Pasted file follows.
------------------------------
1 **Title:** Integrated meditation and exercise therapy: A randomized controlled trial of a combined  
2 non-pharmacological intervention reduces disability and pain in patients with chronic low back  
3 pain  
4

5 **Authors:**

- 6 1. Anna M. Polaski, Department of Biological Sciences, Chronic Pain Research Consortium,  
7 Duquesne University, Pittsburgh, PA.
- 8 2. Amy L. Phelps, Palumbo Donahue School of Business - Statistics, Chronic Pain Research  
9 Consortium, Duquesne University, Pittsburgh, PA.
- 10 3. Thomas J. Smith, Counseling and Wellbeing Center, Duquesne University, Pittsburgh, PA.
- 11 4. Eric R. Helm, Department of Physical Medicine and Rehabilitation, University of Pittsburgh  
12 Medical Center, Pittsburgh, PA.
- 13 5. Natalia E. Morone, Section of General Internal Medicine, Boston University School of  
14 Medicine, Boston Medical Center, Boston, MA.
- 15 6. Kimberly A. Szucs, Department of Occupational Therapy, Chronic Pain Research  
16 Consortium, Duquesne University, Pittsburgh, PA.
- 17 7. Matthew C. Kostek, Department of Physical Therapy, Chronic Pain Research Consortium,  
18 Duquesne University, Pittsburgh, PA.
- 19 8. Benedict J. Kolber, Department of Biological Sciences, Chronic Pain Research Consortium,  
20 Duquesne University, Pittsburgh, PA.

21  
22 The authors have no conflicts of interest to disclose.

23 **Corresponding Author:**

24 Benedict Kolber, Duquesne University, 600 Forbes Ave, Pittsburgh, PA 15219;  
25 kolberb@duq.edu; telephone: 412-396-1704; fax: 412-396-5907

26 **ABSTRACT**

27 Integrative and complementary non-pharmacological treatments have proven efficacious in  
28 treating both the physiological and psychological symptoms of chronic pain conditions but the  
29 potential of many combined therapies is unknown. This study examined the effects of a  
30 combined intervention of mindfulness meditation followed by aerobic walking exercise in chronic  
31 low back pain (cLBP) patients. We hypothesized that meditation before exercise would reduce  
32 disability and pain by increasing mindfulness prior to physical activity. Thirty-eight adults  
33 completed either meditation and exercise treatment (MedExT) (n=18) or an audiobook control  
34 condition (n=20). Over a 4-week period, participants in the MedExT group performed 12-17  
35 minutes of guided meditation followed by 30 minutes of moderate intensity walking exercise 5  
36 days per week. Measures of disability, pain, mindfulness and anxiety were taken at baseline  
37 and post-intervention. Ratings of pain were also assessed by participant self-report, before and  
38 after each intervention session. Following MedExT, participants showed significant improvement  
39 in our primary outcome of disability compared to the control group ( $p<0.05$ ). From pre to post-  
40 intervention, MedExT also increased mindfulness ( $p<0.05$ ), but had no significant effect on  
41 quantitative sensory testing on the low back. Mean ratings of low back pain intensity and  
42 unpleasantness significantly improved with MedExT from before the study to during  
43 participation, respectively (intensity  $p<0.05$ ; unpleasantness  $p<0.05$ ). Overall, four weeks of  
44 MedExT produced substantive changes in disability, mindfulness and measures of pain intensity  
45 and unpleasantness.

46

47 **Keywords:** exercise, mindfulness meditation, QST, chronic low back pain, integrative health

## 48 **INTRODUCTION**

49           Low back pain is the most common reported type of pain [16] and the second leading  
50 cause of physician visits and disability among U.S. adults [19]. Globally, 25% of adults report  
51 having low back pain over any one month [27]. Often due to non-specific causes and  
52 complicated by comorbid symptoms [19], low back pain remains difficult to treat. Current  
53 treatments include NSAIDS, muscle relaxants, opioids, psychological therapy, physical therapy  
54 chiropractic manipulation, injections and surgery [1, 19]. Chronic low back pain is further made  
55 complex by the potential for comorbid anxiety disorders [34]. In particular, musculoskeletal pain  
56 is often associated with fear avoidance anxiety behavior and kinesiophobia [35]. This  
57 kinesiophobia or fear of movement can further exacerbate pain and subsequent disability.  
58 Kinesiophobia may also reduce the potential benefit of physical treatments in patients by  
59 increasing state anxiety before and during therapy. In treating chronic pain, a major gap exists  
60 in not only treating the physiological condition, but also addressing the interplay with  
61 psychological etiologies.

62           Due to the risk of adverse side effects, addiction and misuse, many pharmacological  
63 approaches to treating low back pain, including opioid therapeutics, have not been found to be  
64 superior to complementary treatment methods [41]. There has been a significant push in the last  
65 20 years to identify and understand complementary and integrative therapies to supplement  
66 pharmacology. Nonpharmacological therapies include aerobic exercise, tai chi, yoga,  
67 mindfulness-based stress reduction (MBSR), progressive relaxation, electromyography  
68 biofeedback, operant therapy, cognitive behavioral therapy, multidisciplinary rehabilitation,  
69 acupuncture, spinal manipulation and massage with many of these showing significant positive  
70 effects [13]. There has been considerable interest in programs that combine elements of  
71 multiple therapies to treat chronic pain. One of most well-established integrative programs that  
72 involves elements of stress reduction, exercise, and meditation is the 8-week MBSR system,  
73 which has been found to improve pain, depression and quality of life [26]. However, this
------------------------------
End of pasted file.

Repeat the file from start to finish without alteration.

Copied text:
1 **Title:** Integrated meditation and exercise therapy: A randomized controlled trial of a combined  
2 non-pharmacological intervention reduces disability and pain in patients with chronic low back  
3 pain  
4

5 **Authors:**

- 6 1. Anna M. Polaski, Department of Biological Sciences, Chronic Pain Research Consortium,  
7 Duquesne University, Pittsburgh, PA.
- 8 2. Amy L. Phelps, Palumbo Donahue School of Business - Statistics, Chronic Pain Research  
9 Consortium, Duquesne University, Pittsburgh, PA.
- 10 3. Thomas J. Smith, Counseling and Wellbeing Center, Duquesne University, Pittsburgh, PA.
- 11 4. Eric R. Helm, Department of Physical Medicine and Rehabilitation, University of Pittsburgh  
12 Medical Center, Pittsburgh, PA.
- 13 5. Natalia E. Morone, Section of General Internal Medicine, Boston University School of  
14 Medicine, Boston Medical Center, Boston, MA.
- 15 6. Kimberly A. Szucs, Department of Occupational Therapy, Chronic Pain Research  
16 Consortium, Duquesne University, Pittsburgh, PA.
- 17 7. Matthew C. Kostek, Department of Physical Therapy, Chronic Pain Research Consortium,  
18 Duquesne University, Pittsburgh, PA.
- 19 8. Benedict J. Kolber, Department of Biological Sciences, Chronic Pain Research Consortium,  
20 Duquesne University, Pittsburgh, PA.

21  
22 The authors have no conflicts of interest to disclose.

23 **Corresponding Author:**

24 Benedict Kolber, Duquesne University, 600 Forbes Ave, Pittsburgh, PA 15219;  
25 kolberb@duq.edu; telephone: 412-396-1704; fax: 412-396-5907

26 **ABSTRACT**

27 Integrative and complementary non-pharmacological treatments have proven efficacious in  
28 treating both the physiological and psychological symptoms of chronic pain conditions but the  
29 potential of many combined therapies is unknown. This study examined the effects of a  
30 combined intervention of mindfulness meditation followed by aerobic walking exercise in chronic  
31 low back pain (cLBP) patients. We hypothesized that meditation before exercise would reduce  
32 disability and pain by increasing mindfulness prior to physical activity. Thirty-eight adults  
33 completed either meditation and exercise treatment (MedExT) (n=18) or an audiobook control  
34 condition (n=20). Over a 4-week period, participants in the MedExT group performed 12-17  
35 minutes of guided meditation followed by 30 minutes of moderate intensity walking exercise 5  
36 days per week. Measures of disability, pain, mindfulness and anxiety were taken at baseline  
37 and post-intervention. Ratings of pain were also assessed by participant self-report, before and  
38 after each intervention session. Following MedExT, participants showed significant improvement  
39 in our primary outcome of disability compared to the control group ( $p<0.05$ ). From pre to post-  
40 intervention, MedExT also increased mindfulness ( $p<0.05$ ), but had no significant effect on  
41 quantitative sensory testing on the low back. Mean ratings of low back pain intensity and  
42 unpleasantness significantly improved with MedExT from before the study to during  
43 participation, respectively (intensity  $p<0.05$ ; unpleasantness  $p<0.05$ ). Overall, four weeks of  
44 MedExT produced substantive changes in disability, mindfulness and measures of pain intensity  
45 and unpleasantness.

46

47 **Keywords:** exercise, mindfulness meditation, QST, chronic low back pain, integrative health

## 48 **INTRODUCTION**

49           Low back pain is the most common reported type of pain [16] and the second leading  
50 cause of physician visits and disability among U.S. adults [19]. Globally, 25% of adults report  
51 having low back pain over any one month [27]. Often due to non-specific causes and  
52 complicated by comorbid symptoms [19], low back pain remains difficult to treat. Current  
53 treatments include NSAIDS, muscle relaxants, opioids, psychological therapy, physical therapy  
54 chiropractic manipulation, injections and surgery [1, 19]. Chronic low back pain is further made  
55 complex by the potential for comorbid anxiety disorders [34]. In particular, musculoskeletal pain  
56 is often associated with fear avoidance anxiety behavior and kinesiophobia [35]. This  
57 kinesiophobia or fear of movement can further exacerbate pain and subsequent disability.  
58 Kinesiophobia may also reduce the potential benefit of physical treatments in patients by  
59 increasing state anxiety before and during therapy. In treating chronic pain, a major gap exists  
60 in not only treating the physiological condition, but also addressing the interplay with  
61 psychological etiologies.

62           Due to the risk of adverse side effects, addiction and misuse, many pharmacological  
63 approaches to treating low back pain, including opioid therapeutics, have not been found to be  
64 superior to complementary treatment methods [41]. There has been a significant push in the last  
65 20 years to identify and understand complementary and integrative therapies to supplement  
66 pharmacology. Nonpharmacological therapies include aerobic exercise, tai chi, yoga,  
67 mindfulness-based stress reduction (MBSR), progressive relaxation, electromyography  
68 biofeedback, operant therapy, cognitive behavioral therapy, multidisciplinary rehabilitation,  
69 acupuncture, spinal manipulation and massage with many of these showing significant positive  
70 effects [13]. There has been considerable interest in programs that combine elements of  
71 multiple therapies to treat chronic pain. One of most well-established integrative programs that  
72 involves elements of stress reduction, exercise, and meditation is the 8-week MBSR system,  
73 which has been found to improve pain, depression and quality of life [26]. However, this